Creating a National Historic Landmark: The Poston Internment Camp Journey

Weedflower by Cynthia Kadohata This YA book is set in the Poston Internment camp

Dear Students,

In the Fall of 2011 the National Park Service met to vote on new National Landmarks. One of them is on the border of Arizona, near Yuma.. At one time, this area was the 3rd largest city in Arizona, home to 18,000 Japanese families, interned by Executive Order 9066 signed by President Roosevelt in February of 1942.

photograph by George Watson, Los Angeles Times

The Poston Camps I, II and III were nearly erased. Of the three sprawling internment camps that filled the region, most of the signs are gone.

Panorama of the Poston War Relocation Center photo by George Watson, Los Angeles Times

The educational facilities at Poston were designed and built by the interned Japanese Americans using adobe bricks they manufactured themselves. The barracks were built by Del Webb, the same builders who created the Sun City retirement community. The searing heat and short time table created special challenges for the builders and the residents. Behind that fact is a story about children without a home or school who had to build one first in the baking desert heat. Evacuees nicknamed the three camps Roasten, Toasten and Dustin.

Back to Poston photo by Bryan Chan / Los Angeles Times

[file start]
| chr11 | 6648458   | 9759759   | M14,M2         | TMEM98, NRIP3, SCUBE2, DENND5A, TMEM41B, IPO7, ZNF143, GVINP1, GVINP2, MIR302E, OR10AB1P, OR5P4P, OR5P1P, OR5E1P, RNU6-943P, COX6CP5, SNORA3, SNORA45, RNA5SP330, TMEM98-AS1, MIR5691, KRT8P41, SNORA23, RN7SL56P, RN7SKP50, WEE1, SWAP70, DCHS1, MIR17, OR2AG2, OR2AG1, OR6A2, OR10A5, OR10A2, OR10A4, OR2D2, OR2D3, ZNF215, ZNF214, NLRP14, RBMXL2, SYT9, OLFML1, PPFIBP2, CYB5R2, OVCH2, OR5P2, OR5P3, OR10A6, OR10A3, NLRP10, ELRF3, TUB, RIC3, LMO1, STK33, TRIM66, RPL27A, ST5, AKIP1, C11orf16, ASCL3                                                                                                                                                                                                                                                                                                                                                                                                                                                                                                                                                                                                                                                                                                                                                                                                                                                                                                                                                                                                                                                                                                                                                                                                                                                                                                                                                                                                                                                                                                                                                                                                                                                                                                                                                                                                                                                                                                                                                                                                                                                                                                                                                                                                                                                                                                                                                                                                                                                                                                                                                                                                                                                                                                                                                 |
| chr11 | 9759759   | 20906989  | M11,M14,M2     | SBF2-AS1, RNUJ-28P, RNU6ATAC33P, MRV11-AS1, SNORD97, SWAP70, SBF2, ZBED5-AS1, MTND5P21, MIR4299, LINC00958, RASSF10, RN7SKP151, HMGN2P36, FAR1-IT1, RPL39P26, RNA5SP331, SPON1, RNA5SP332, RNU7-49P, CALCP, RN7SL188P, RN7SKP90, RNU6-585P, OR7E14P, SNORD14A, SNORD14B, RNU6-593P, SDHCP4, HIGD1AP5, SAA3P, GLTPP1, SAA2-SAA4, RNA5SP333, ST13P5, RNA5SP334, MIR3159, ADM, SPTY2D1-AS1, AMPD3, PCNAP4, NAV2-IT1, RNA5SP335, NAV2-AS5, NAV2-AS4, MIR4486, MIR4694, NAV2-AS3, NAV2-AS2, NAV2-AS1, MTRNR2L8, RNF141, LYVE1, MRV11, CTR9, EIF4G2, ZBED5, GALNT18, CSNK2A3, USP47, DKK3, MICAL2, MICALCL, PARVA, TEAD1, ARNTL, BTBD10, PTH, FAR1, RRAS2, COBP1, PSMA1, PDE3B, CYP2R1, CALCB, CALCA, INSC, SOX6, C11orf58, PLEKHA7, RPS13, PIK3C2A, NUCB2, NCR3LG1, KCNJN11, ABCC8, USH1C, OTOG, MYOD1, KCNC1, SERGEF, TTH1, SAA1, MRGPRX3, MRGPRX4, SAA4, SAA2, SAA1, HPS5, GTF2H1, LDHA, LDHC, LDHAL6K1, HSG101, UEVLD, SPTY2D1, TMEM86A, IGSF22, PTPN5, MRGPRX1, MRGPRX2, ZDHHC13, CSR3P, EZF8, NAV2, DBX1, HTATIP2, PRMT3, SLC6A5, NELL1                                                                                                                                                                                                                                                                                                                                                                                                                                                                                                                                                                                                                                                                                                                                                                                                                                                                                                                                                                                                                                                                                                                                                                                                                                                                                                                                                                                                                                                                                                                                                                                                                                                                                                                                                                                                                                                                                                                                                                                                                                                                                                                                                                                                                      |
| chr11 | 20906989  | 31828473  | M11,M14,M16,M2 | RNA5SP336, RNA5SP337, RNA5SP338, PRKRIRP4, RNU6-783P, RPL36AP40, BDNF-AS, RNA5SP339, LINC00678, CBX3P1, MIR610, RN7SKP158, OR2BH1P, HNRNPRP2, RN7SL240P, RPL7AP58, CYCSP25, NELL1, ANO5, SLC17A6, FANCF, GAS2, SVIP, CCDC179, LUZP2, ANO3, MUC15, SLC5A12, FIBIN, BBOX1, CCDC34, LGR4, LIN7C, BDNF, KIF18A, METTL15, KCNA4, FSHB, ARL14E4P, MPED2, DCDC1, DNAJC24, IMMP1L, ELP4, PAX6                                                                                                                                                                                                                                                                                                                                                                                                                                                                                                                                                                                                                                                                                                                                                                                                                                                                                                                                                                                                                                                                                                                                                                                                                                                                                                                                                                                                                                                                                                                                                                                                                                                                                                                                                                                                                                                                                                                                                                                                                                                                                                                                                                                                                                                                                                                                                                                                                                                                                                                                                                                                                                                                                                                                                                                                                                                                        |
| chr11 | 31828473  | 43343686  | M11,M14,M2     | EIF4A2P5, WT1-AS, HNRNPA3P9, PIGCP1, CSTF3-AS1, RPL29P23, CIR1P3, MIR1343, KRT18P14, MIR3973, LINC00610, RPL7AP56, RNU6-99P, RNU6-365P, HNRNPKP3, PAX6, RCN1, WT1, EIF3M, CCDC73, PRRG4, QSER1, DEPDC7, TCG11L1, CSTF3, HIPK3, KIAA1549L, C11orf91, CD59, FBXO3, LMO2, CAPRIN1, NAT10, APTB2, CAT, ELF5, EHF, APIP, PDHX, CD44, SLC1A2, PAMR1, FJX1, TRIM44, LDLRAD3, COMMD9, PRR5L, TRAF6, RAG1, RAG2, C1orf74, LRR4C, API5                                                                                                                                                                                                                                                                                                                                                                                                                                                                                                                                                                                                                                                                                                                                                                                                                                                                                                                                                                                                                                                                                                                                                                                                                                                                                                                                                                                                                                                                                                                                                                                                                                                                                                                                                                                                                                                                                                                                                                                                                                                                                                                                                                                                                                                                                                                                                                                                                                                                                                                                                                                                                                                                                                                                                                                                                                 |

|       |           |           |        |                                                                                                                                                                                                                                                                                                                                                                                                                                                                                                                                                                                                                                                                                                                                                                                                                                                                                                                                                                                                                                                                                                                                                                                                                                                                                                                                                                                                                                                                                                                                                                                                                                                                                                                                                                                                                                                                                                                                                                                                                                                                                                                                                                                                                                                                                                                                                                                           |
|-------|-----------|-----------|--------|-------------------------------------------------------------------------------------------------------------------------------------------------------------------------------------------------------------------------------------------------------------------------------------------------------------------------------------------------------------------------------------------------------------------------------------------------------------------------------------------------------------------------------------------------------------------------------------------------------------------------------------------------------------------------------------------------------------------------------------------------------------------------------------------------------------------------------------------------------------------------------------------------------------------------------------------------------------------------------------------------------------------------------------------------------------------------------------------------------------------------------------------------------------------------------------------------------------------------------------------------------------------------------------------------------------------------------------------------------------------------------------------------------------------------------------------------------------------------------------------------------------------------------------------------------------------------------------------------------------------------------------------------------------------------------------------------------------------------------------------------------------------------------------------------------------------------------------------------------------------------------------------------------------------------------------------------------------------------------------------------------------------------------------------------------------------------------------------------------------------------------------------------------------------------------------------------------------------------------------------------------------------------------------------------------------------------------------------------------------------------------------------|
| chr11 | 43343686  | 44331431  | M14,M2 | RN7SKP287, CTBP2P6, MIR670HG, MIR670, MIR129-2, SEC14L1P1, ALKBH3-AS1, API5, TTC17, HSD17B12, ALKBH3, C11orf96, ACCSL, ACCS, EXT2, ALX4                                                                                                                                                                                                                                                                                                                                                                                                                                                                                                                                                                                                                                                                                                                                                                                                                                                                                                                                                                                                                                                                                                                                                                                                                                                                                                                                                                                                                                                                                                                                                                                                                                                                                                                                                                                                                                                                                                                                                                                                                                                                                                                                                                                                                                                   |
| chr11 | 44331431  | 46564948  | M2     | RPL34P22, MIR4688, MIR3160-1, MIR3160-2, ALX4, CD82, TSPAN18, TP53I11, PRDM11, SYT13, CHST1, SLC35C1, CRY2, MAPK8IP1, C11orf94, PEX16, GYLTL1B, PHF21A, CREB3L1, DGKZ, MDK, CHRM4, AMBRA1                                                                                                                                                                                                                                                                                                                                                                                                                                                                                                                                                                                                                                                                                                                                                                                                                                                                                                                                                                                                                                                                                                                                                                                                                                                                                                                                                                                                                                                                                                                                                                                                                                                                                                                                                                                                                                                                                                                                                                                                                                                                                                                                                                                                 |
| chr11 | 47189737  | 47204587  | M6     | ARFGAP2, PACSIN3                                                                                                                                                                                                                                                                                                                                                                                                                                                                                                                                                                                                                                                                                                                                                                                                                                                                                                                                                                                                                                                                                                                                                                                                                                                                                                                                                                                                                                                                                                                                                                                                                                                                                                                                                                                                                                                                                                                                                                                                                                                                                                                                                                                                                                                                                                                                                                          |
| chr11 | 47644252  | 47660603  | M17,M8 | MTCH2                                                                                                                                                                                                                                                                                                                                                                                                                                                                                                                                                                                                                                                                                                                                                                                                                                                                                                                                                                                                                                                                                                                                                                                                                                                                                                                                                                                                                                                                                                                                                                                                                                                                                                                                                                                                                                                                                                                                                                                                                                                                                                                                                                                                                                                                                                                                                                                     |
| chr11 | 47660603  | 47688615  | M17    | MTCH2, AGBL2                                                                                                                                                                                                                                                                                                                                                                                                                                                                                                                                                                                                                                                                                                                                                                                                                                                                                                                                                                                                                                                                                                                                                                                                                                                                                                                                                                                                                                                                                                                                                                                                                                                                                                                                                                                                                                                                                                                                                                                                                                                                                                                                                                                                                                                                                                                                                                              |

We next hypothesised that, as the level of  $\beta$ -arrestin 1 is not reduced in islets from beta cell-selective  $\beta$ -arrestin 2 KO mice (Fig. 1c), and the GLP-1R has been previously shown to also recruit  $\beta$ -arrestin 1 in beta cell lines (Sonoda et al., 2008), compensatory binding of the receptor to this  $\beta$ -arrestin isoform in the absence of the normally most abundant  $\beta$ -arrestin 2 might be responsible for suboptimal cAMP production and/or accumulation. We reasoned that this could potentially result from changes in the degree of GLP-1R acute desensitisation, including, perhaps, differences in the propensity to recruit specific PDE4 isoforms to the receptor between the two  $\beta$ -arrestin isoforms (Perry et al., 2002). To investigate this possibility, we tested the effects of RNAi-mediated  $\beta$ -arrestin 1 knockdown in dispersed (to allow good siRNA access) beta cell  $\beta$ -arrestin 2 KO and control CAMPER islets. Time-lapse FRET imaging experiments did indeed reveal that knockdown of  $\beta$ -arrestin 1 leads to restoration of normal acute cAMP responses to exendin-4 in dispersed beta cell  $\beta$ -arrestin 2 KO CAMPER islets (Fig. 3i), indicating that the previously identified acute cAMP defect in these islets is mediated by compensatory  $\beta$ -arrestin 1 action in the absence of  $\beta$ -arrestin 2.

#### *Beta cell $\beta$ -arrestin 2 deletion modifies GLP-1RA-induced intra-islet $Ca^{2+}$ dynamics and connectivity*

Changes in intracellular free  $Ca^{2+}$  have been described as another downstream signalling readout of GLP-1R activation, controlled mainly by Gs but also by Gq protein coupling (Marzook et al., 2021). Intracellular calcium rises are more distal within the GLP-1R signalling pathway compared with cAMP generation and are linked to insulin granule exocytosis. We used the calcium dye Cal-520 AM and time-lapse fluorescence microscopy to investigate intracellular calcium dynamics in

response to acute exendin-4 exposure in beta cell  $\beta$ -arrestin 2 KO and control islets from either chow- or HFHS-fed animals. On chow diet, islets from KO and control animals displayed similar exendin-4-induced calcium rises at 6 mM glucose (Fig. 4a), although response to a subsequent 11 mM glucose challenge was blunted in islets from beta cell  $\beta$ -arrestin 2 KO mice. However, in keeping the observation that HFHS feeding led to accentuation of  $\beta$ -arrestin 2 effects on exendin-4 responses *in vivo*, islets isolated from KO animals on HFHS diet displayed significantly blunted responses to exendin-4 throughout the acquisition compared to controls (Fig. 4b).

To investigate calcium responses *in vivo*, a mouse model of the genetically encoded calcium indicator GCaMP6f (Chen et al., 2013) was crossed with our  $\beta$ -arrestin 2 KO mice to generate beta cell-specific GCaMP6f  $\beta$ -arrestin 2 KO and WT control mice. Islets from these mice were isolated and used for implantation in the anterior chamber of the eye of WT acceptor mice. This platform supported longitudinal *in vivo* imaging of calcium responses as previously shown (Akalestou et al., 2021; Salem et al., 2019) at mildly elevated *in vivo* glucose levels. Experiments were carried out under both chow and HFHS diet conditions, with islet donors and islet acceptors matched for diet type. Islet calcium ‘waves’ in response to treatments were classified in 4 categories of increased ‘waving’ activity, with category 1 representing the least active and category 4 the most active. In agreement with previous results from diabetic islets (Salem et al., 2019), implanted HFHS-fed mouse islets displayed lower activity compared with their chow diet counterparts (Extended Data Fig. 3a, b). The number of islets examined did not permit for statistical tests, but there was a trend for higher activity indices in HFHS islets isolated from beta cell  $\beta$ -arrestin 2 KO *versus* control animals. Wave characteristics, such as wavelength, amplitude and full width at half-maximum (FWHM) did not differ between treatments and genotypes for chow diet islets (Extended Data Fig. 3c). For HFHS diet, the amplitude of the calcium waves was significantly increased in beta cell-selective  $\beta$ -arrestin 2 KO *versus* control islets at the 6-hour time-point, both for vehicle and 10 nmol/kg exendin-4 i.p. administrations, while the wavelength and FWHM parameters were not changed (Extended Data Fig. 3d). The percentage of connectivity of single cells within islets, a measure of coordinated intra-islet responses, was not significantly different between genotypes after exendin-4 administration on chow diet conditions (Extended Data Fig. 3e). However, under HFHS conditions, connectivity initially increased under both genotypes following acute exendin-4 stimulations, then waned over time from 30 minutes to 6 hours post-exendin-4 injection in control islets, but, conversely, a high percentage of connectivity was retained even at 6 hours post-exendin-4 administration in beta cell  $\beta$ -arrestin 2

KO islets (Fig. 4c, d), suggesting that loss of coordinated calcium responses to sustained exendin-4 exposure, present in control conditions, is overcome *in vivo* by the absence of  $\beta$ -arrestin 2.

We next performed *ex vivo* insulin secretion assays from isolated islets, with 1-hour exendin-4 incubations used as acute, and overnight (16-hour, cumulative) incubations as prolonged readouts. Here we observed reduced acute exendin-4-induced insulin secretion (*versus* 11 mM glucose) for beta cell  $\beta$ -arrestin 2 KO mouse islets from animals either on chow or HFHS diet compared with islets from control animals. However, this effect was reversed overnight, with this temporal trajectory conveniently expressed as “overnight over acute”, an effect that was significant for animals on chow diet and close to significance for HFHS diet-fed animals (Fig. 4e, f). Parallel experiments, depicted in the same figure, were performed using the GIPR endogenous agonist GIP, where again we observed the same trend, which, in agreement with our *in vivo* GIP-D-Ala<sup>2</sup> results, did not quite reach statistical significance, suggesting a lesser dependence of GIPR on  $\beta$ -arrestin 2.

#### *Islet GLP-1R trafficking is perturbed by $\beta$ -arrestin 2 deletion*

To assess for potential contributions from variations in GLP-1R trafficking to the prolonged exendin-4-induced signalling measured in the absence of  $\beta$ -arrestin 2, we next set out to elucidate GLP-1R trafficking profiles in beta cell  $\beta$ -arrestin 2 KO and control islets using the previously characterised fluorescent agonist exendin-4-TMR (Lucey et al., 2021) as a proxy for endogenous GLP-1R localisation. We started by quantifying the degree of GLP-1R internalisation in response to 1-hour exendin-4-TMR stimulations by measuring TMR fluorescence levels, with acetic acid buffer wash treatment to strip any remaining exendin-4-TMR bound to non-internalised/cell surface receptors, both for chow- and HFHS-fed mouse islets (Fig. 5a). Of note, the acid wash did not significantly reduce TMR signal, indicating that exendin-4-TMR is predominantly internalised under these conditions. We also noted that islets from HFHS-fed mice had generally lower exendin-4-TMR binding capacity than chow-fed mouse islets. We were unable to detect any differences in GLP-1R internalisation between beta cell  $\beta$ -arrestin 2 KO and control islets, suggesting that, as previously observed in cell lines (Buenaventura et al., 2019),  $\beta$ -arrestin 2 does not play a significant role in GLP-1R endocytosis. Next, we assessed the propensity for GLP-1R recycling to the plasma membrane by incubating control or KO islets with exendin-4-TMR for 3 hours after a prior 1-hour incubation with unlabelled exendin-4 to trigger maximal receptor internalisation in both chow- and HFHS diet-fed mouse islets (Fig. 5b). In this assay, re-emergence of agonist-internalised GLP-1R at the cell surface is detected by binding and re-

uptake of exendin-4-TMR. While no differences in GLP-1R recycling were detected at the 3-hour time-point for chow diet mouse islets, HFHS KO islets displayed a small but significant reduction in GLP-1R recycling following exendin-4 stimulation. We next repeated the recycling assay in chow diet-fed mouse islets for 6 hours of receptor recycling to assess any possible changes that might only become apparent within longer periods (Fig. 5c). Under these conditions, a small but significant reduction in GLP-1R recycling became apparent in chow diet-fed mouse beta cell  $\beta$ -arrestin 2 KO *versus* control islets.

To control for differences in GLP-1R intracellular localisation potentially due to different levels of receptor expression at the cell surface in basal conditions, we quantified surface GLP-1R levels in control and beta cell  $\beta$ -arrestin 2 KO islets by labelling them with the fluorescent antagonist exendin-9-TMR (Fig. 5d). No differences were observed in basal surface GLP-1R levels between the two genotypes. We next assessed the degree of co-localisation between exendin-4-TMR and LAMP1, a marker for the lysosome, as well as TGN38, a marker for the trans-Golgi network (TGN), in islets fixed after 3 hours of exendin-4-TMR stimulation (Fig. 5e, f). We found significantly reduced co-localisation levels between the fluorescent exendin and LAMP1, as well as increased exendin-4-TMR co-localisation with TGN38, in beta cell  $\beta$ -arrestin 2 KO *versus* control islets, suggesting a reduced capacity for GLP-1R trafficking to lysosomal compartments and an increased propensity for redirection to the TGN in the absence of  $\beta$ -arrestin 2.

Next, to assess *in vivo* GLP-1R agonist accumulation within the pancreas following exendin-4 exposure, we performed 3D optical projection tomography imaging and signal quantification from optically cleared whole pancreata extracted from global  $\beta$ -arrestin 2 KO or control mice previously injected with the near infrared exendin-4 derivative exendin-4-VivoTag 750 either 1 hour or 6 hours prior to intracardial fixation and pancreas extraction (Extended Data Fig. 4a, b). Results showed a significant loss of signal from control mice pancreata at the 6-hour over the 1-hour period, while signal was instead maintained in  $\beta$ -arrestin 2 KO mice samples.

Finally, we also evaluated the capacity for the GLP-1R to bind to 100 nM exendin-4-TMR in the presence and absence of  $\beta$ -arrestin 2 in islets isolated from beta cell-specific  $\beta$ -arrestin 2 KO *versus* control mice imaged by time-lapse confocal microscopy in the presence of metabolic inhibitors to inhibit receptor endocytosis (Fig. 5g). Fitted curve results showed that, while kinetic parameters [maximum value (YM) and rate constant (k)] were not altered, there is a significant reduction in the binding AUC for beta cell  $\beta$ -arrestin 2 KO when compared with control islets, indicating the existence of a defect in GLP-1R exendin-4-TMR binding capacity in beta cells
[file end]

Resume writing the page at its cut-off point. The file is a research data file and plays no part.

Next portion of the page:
Above-ground evidence of the camps, such as foundations and roads, has been obscured. Units II and III at Poston do not have sufficient integrity to be considered for NHL designation. You can follow the journey of this site to a National Historic Landmark as it unfolds on the blog Poston Camp Updates.

“Friendship Knot”, Shinkichi Tajiri (Little Tokyo, Los Angeles, CA)

World renowned sculptor Shinkichi Tajiri‘s was interned with his family at the Poston camp. He enlisted as a volunteer from camp and fought bravely for the 442 infantry regiment. His career included sketching concentration camp prisoners following the war, photographing the Berlin Wall and sculpture series that featured knots. He lived in extraordinary times and rose to meet them.

If you drive through the area to look for the camp you can witness it’s evolution as it makes a journey to confirmed National Historic Landmark. So far the community of camp families and friends have achieved the following:

  • 2003-Grant funding from the California Civil Liberties Public Education Program, the National Trust for Historic Preservation, the Colorado River Indian Tribe Education Department and private donations funded a Strategic Visioning Session.
  • 2004- The Colorado River Indian Tribal Council passed a resolution dedicating 40 acres for the historic preservation of the Poston confinement site. (Poston camp I site)
  • 2009- Grant funding from the U.S. National Park Service for collecting and digitizing oral histories, is now being completed.
  • 2010-Grant funding from the U.S. National Park Service for relocation and rehabilitation of a barrack obtained.
  • 2010-Grant funding from the National Trust for Historic Preservation for the barrack relocation project obtained.
  • 2011-Grant funding from the U.S. National Park Service for production of the documentary, “Poston’s Mothers and Babies: A Film on Domestic Life in Camp”

Do you think it is important to save the story of Poston Internment Camp, why or why not?

With liberty and justice for all,
Mrs. Kenney

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